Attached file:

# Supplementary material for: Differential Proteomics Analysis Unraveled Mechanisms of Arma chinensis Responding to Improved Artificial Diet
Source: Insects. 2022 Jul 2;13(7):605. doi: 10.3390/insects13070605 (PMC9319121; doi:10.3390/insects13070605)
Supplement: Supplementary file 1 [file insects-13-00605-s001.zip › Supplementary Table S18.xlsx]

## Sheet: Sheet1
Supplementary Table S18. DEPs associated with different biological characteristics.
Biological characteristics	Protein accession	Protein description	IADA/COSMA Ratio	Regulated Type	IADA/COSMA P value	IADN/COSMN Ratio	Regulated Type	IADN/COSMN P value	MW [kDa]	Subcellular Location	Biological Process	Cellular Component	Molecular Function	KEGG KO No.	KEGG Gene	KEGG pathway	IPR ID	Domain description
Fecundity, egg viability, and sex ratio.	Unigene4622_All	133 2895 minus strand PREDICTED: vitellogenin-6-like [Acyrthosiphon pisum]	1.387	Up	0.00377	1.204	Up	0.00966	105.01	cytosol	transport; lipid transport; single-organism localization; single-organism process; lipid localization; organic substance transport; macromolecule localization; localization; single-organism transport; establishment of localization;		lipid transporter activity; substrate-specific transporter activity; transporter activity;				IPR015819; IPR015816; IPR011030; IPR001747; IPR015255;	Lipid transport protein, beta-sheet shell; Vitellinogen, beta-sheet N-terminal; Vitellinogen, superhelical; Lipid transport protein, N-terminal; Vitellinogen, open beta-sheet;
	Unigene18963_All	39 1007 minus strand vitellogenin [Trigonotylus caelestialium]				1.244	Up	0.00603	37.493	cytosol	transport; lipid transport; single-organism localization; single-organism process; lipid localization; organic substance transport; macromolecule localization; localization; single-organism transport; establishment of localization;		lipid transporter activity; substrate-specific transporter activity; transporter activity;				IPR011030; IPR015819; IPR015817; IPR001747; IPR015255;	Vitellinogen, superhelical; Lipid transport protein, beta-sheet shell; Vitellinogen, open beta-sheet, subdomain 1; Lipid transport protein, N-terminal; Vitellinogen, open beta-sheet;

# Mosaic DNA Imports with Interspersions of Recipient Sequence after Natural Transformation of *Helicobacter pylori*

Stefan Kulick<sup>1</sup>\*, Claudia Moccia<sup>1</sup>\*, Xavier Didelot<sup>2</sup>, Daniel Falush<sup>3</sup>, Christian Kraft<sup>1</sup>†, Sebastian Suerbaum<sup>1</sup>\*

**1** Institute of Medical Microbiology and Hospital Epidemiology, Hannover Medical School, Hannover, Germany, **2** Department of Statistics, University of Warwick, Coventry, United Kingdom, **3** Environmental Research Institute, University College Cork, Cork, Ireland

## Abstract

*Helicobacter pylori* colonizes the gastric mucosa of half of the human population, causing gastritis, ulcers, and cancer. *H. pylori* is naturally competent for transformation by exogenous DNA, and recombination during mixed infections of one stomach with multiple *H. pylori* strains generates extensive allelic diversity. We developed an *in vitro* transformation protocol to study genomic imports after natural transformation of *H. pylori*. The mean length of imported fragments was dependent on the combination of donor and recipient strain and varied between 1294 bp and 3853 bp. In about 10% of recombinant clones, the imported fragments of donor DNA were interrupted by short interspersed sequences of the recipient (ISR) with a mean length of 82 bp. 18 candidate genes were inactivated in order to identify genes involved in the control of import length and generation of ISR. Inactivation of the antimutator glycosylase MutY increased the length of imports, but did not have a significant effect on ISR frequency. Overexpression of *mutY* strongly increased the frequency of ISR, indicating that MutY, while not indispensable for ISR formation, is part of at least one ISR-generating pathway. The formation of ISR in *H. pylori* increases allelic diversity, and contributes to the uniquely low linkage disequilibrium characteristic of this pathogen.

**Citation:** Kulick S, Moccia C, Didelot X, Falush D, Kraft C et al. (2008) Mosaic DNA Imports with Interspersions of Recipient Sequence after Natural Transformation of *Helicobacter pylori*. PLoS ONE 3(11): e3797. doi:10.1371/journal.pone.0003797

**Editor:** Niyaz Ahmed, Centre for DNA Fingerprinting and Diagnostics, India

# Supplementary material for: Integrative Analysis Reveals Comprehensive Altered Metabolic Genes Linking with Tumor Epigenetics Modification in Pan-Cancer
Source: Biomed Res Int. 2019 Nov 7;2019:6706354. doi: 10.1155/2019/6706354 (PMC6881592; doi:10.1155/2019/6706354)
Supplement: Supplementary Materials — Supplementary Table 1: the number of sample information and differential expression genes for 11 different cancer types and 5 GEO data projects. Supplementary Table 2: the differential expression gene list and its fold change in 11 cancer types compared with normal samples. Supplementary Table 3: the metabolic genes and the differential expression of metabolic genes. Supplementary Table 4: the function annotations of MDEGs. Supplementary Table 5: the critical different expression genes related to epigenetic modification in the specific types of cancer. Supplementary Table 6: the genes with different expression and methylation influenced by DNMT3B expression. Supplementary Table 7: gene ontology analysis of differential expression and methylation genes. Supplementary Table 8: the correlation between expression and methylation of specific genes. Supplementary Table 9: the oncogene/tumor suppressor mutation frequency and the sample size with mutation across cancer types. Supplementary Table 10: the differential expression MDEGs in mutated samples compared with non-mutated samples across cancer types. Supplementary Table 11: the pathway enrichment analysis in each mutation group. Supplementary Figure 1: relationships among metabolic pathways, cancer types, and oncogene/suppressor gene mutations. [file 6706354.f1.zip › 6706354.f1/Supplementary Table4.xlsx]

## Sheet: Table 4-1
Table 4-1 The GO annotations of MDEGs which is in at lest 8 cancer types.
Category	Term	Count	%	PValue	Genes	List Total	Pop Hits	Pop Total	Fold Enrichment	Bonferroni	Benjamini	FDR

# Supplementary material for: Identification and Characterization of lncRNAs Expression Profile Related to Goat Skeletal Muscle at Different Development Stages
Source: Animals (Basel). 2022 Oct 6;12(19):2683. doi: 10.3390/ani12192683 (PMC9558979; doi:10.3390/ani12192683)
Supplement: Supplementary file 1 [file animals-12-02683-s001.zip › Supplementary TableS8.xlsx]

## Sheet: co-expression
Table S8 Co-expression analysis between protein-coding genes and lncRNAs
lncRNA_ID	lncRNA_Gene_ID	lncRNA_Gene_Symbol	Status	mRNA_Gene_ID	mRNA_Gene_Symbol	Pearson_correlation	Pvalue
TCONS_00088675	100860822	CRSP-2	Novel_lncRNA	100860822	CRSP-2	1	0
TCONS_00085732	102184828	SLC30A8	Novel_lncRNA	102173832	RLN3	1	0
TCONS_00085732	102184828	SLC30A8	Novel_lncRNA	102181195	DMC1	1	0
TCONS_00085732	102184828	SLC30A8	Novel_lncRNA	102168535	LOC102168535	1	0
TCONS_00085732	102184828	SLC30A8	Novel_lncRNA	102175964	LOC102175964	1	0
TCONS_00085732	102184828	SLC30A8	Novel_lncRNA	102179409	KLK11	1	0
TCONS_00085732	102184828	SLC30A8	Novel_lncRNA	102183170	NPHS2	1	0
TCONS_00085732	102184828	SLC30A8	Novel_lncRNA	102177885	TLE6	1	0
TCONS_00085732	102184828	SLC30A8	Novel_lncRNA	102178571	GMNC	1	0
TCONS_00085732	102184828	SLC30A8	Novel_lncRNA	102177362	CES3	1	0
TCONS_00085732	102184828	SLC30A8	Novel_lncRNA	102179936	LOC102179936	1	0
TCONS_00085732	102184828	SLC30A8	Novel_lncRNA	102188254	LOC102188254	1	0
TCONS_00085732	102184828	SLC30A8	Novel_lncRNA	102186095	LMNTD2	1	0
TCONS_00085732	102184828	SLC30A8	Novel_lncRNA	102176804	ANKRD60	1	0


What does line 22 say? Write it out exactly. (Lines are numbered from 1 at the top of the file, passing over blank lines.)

# Supplementary material for: Identification and Characterization of lncRNAs Expression Profile Related to Goat Skeletal Muscle at Different Development Stages